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Month: March 2018


Symbolism is an advanced level of subtext that can be applied to virtually any aspect of story telling. Adding it to a script pushes your brawler of a script to the next higher weight class.

The technical definition of symbolism is as follows:

Symbolism (sym•bol•ism) noun: Putting ten pounds of meaning in a one pound bag.

In Storycraft I mention the core types of symbolism;

  • visual symbolism
  • symbolic names
  • symbolic actions
  • symbolic situations.

When you sit down to add symbolism to your story, the first thing you need to clarify is; what do you want to symbolize? Sounds like a question from Captain Obvious, but really, if you don’t know what you want to express, how can you find a symbol for it?

And more to the point, when writing a story, there will be a multitude of elements you “could” symbolize… In order to see the forest for the trees, you need to stop and recognize the key elements worthy of deeper subtext/emphasis and…

How are these expressions working to serve the narrative?

Beyond the basic three tier approach I outline in Storycraft, I find it useful to look at the symbolic subtext of my scripts as a separate story in unto itself.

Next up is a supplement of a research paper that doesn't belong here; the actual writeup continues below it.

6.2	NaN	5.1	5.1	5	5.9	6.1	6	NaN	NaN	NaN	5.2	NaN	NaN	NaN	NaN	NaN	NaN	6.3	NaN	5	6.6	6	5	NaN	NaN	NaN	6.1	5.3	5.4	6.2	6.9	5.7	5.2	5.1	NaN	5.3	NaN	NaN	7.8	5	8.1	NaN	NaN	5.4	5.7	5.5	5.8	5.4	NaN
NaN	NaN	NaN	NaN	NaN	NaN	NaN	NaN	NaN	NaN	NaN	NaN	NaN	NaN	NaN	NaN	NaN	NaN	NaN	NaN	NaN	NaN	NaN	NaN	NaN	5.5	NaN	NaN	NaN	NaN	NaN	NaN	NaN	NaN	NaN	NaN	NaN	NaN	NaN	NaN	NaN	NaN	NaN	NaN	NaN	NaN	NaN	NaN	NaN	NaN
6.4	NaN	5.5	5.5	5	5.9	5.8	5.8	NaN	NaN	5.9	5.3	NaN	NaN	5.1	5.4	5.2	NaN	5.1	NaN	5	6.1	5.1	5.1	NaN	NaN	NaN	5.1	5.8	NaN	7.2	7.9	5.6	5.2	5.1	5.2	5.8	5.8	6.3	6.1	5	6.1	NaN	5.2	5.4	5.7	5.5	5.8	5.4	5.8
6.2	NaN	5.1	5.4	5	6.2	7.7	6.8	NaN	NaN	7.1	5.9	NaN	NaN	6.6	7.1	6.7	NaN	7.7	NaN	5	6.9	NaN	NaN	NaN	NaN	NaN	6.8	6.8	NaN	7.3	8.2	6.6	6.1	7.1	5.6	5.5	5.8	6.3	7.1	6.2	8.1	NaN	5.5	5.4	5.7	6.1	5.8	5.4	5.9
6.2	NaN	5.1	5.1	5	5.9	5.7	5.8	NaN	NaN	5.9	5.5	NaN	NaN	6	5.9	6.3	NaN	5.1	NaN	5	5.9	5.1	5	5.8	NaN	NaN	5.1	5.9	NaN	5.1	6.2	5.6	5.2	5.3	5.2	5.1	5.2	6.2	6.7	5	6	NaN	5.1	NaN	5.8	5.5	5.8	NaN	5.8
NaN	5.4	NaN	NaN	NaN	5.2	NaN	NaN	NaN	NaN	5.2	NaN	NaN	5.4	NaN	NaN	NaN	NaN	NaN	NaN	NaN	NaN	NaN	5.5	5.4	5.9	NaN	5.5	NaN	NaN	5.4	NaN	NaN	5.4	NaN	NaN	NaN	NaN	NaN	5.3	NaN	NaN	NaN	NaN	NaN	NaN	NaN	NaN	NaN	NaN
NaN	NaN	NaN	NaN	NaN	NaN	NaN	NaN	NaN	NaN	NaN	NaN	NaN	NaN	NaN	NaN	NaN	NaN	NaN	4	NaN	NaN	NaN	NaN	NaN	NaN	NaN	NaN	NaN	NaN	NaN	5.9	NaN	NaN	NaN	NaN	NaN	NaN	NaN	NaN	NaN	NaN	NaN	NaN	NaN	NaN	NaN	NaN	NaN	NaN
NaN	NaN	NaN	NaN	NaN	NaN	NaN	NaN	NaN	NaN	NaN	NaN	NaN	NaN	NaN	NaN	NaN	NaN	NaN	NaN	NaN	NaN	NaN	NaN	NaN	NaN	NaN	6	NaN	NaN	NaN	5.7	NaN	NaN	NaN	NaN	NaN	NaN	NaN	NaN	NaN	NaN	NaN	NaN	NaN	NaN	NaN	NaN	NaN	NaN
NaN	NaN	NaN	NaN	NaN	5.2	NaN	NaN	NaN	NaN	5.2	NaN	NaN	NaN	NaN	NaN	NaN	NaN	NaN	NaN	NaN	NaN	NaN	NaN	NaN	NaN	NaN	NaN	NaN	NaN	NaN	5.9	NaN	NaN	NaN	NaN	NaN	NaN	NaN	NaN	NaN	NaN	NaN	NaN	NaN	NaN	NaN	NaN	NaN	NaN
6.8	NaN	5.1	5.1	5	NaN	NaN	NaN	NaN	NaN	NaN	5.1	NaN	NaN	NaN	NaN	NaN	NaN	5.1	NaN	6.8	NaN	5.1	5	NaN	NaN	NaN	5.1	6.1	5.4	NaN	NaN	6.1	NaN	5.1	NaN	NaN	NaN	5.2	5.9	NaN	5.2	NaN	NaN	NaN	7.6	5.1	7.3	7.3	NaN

For instance, if I’m doing a fantasy story about “sin and redemption”, perhaps the story I’ll express symbolically is “an angel’s fall from grace.”
(Of course, it’s very possible the story you want to express symbolically is a direct reflection or reinforcement of the story’s core concept—nothing wrong with that.)

The idea here is that getting a poor man’s logline or “overall idea” to a subtextual story, gives you distinct direction in focusing or gathering, your symbols.

The more time you take to figure out the concept and ideas you want to express, the better off you’ll be. Once I know the overall story I want to express, I need only figure out what symbols capture this story and where to inject them.

By its very nature developing symbolism from a story approach, even a simple story, requires multiple symbols. After all, a story expressed in one “beat”, even repeated over an entire story, is not the most effective use of narrative.

If I kept showing a creepy doll, sure, the symbolic message would be conveyed and reinforced by the end of the story, but the meaning would be… simplistic… Like whispering the same phrase into the reader’s ear over and over.

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